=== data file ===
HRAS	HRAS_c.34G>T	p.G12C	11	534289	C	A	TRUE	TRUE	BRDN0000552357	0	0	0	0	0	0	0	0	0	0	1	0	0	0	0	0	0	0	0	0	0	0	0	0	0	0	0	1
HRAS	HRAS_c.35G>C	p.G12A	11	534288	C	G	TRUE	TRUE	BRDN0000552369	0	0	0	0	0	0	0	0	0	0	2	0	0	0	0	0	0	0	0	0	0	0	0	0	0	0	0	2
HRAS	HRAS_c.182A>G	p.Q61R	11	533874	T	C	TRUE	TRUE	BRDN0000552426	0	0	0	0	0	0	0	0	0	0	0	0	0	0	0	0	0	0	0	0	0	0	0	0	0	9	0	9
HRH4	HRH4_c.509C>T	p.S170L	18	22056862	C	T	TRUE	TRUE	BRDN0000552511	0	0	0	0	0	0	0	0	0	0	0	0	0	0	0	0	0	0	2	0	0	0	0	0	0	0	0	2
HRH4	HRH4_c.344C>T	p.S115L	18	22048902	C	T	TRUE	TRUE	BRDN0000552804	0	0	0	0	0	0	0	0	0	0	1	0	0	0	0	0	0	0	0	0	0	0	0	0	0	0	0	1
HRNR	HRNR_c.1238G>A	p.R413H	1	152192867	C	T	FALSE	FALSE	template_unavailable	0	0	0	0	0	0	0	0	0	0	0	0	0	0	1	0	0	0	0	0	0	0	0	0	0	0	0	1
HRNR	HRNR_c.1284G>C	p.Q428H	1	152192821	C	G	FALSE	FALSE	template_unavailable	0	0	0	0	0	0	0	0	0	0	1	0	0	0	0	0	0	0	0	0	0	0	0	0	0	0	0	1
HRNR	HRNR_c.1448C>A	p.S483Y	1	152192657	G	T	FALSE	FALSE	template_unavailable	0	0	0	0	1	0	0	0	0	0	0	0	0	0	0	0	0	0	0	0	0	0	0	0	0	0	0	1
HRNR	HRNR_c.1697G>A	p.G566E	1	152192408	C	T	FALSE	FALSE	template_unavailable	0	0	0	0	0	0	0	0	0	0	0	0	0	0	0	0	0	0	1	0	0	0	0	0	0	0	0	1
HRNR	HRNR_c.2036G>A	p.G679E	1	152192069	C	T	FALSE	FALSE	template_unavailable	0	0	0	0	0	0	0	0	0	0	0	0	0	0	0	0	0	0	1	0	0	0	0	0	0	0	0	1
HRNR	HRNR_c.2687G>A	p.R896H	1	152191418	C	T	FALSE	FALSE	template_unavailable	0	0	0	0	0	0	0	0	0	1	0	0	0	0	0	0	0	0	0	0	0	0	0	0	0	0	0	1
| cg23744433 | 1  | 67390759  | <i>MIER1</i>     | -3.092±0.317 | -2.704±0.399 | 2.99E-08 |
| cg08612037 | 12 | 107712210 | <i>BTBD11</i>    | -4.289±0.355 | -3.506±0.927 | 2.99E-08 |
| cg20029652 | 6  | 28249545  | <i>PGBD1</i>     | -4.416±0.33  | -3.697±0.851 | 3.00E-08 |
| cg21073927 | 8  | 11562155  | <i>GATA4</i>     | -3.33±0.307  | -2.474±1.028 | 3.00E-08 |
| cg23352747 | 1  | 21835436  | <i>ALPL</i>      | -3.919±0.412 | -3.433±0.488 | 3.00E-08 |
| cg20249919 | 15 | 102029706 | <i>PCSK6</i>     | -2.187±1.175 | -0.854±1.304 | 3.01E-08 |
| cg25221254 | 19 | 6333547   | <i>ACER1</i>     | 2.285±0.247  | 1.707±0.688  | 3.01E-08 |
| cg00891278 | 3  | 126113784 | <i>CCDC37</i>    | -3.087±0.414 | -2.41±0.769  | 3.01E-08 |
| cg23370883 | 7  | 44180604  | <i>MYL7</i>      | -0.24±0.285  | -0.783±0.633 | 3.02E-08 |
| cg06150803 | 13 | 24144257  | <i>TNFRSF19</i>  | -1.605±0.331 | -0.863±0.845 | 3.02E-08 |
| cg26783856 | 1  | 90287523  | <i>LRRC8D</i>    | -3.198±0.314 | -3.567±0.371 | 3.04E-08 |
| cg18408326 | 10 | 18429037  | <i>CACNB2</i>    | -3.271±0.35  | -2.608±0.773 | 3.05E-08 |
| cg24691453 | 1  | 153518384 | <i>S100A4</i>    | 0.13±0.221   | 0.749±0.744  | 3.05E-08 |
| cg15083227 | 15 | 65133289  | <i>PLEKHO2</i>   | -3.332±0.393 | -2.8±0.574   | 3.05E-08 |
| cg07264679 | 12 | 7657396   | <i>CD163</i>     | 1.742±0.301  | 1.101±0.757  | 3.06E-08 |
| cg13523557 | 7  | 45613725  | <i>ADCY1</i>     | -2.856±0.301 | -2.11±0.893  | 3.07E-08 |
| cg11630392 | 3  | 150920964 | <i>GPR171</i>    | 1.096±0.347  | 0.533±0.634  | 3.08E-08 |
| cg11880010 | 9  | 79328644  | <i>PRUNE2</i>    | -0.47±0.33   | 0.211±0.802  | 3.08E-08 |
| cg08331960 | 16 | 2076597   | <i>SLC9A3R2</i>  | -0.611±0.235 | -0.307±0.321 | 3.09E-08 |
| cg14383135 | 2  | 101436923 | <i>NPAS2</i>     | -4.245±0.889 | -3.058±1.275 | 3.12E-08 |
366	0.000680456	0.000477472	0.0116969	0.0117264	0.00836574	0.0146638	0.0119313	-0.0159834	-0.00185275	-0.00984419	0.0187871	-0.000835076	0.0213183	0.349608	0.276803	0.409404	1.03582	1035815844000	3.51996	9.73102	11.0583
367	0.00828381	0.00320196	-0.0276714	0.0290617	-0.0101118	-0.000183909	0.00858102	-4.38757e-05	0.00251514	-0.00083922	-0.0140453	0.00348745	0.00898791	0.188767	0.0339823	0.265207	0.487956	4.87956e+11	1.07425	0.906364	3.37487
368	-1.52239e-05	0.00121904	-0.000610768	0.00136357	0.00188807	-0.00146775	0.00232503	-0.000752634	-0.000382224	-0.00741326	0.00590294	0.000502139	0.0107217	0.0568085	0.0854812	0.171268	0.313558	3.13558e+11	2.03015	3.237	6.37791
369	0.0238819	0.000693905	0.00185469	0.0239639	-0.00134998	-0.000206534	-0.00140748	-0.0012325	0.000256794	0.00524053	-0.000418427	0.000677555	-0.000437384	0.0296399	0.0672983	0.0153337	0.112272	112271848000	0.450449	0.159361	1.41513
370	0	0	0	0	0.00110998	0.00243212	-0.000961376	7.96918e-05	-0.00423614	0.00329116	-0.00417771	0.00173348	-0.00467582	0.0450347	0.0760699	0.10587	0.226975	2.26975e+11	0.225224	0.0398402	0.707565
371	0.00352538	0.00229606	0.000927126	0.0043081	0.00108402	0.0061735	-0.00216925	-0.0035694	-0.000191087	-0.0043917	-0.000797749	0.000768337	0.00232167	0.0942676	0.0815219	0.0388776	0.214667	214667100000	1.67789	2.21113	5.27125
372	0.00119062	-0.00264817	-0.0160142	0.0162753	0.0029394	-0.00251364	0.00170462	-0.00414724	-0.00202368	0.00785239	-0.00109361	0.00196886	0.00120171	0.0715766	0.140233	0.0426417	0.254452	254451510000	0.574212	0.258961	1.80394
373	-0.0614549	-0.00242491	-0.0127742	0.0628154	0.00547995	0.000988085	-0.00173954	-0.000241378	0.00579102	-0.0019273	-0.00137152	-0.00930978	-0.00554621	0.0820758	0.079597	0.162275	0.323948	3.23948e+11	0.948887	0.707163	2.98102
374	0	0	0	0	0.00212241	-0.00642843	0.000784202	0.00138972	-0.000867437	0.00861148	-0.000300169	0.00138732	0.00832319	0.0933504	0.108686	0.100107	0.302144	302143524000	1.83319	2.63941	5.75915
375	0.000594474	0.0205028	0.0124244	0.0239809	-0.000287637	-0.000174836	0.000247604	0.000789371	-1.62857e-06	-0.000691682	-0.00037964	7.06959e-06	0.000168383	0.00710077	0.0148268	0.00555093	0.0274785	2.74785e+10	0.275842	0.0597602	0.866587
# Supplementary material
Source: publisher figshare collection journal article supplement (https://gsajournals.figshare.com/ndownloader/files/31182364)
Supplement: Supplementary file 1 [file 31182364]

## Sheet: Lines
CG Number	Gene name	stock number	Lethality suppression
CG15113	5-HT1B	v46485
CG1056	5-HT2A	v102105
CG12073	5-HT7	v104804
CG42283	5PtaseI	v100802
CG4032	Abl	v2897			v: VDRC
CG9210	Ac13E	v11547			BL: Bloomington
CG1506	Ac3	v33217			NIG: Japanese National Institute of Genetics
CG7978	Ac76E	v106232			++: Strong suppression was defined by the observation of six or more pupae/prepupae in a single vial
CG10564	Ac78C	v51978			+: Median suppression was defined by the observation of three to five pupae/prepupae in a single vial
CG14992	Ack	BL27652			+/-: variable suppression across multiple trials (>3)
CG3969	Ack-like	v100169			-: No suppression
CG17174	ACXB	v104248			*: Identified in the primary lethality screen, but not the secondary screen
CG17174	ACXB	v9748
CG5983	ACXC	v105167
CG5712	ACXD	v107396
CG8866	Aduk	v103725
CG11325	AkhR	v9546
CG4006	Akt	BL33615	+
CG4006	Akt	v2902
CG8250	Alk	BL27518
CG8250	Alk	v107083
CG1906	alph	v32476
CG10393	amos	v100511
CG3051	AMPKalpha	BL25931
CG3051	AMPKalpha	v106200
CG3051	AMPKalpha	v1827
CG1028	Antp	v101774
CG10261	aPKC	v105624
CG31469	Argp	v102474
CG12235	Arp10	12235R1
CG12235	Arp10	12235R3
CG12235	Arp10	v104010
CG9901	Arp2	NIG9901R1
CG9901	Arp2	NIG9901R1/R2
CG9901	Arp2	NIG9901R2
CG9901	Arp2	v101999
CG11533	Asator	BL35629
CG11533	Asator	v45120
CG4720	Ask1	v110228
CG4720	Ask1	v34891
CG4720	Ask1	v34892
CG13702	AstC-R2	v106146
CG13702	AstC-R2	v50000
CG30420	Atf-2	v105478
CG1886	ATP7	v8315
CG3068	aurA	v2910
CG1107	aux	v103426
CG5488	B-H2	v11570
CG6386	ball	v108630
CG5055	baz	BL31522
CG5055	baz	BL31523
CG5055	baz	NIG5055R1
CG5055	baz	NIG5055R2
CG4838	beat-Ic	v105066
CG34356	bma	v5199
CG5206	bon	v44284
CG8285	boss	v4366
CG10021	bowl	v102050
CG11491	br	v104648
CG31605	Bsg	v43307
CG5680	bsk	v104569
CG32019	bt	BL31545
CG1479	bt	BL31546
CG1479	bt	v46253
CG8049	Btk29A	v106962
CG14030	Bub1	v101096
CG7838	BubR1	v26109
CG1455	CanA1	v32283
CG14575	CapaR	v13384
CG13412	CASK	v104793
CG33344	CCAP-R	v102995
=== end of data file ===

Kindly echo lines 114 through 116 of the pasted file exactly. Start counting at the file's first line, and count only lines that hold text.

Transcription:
CG1455	CanA1	v32283
CG14575	CapaR	v13384
CG13412	CASK	v104793